Sample values for the circuit of FIG. 1, applied to a 70 sense electrode transversal filter are as follows:
Capacitor 16=Capacitor 21=20 pF
Capacitor 18=Capacitor 19=5 pF
Frequency of signal φPr1=32 KHz
Operational amplifiers 14 and 15 have high input impedance (e.g. MOS construction)
V>VR2>VR1 (noted: VR1≃Ground voltage)
FIG. 3 depicts a simplified schematic of the preferred embodiment of the invention. It will be noted that FIG. 3 is identical to FIG. 1 except for the addition of three extra components namely: FET 28, FET 29 and capacitor 30. The circuit of FIG. 3 functions in a similar fashion to the circuit of FIG. 1, so its operation will not be discussed in detail; only the difference of FIG. 3 will be described. The components of the preferred embodiment are interconnected as shown in FIG. 3, and attention is directed to that Figure. The effect of FET 28, FET 29, and capacitor 30 is to reduce the offset voltage of amplifier 15 and to attenuate the 1/f portion of the noise spectrum of amplifier 15 (where f is the frequency of the noise). The remainder of the circuit functions in the same manner as does the circuit of FIG. 1, and includes the same advantages as does the FIG. 1 circuit. Capacitor 30 has a value of approximately 1.5 pF. Capacitor 30 does not affect the capacitive balance between nodes A and B (mentioned earlier in reference to FIG. 1) since capacitor 30 does not form a part of the active circuit during the period that the desired output is present on the output of amplifier 15. As was mentioned previously, the desired output signal is present at the output of amplifier 15 only during the time period that signal φ2 is low. Capacitor 30, of course, is only an active component of the circuit during the time periods that φPr1 and φEn0 are high.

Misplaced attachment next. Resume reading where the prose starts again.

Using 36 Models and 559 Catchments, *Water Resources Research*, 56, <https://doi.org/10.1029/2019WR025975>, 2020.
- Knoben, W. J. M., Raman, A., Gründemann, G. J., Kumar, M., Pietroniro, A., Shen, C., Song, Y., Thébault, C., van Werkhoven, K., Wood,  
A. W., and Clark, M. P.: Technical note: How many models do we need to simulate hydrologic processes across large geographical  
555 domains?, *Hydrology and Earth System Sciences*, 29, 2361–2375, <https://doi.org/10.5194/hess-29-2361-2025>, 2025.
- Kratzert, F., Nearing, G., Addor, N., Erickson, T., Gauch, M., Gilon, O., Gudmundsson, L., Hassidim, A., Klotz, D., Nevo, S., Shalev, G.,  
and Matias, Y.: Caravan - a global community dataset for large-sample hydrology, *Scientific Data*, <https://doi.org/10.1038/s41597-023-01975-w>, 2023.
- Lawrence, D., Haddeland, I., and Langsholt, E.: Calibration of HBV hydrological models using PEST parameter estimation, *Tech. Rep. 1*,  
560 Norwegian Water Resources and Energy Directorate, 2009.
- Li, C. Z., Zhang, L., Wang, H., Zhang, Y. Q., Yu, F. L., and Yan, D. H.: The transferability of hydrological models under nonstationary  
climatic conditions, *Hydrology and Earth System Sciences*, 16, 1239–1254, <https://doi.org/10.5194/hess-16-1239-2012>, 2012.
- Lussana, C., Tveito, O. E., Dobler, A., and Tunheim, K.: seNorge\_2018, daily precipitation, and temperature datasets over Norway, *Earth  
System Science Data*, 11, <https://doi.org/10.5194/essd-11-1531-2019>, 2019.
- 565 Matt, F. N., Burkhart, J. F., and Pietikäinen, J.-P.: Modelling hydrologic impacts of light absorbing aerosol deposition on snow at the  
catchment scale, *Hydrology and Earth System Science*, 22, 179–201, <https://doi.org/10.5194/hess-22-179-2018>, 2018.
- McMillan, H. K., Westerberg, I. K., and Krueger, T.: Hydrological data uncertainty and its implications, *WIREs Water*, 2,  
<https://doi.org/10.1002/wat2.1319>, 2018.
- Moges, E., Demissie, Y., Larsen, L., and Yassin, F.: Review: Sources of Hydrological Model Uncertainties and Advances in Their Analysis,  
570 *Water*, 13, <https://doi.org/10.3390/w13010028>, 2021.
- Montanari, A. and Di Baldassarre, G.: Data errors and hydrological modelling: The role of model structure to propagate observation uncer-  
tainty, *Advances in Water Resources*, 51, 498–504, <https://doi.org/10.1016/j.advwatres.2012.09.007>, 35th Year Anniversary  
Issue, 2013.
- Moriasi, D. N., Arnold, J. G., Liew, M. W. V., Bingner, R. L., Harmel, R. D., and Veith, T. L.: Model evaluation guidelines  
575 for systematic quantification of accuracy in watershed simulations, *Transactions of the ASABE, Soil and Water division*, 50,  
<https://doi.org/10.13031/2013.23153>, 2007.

|Cited Patent||Filing date||Publication date||Applicant||Title|
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|1||*||Baertsch et al., IEEE Trans. on Electron Devices, vol ED-23, No. 2, pp. 133-141; 2/1976.|
|Citing Patent||Filing date||Publication date||Applicant||Title|
|US4370632 *||May 8, 1981||Jan 25, 1983||Motorola, Inc.||Multiple function operational amplifier circuit|
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|U.S. Classification||327/52, 326/61, 327/54, 333/165, 377/60, 327/552|
|International Classification||G11C19/28, H03K5/24, G11C11/4091, H03K5/02|
|Cooperative Classification||H03K5/249, G11C19/285, G11C11/4091, H03K5/023|
|European Classification||G11C19/28B2, G11C11/4091, H03K5/02B, H03K5/24F4|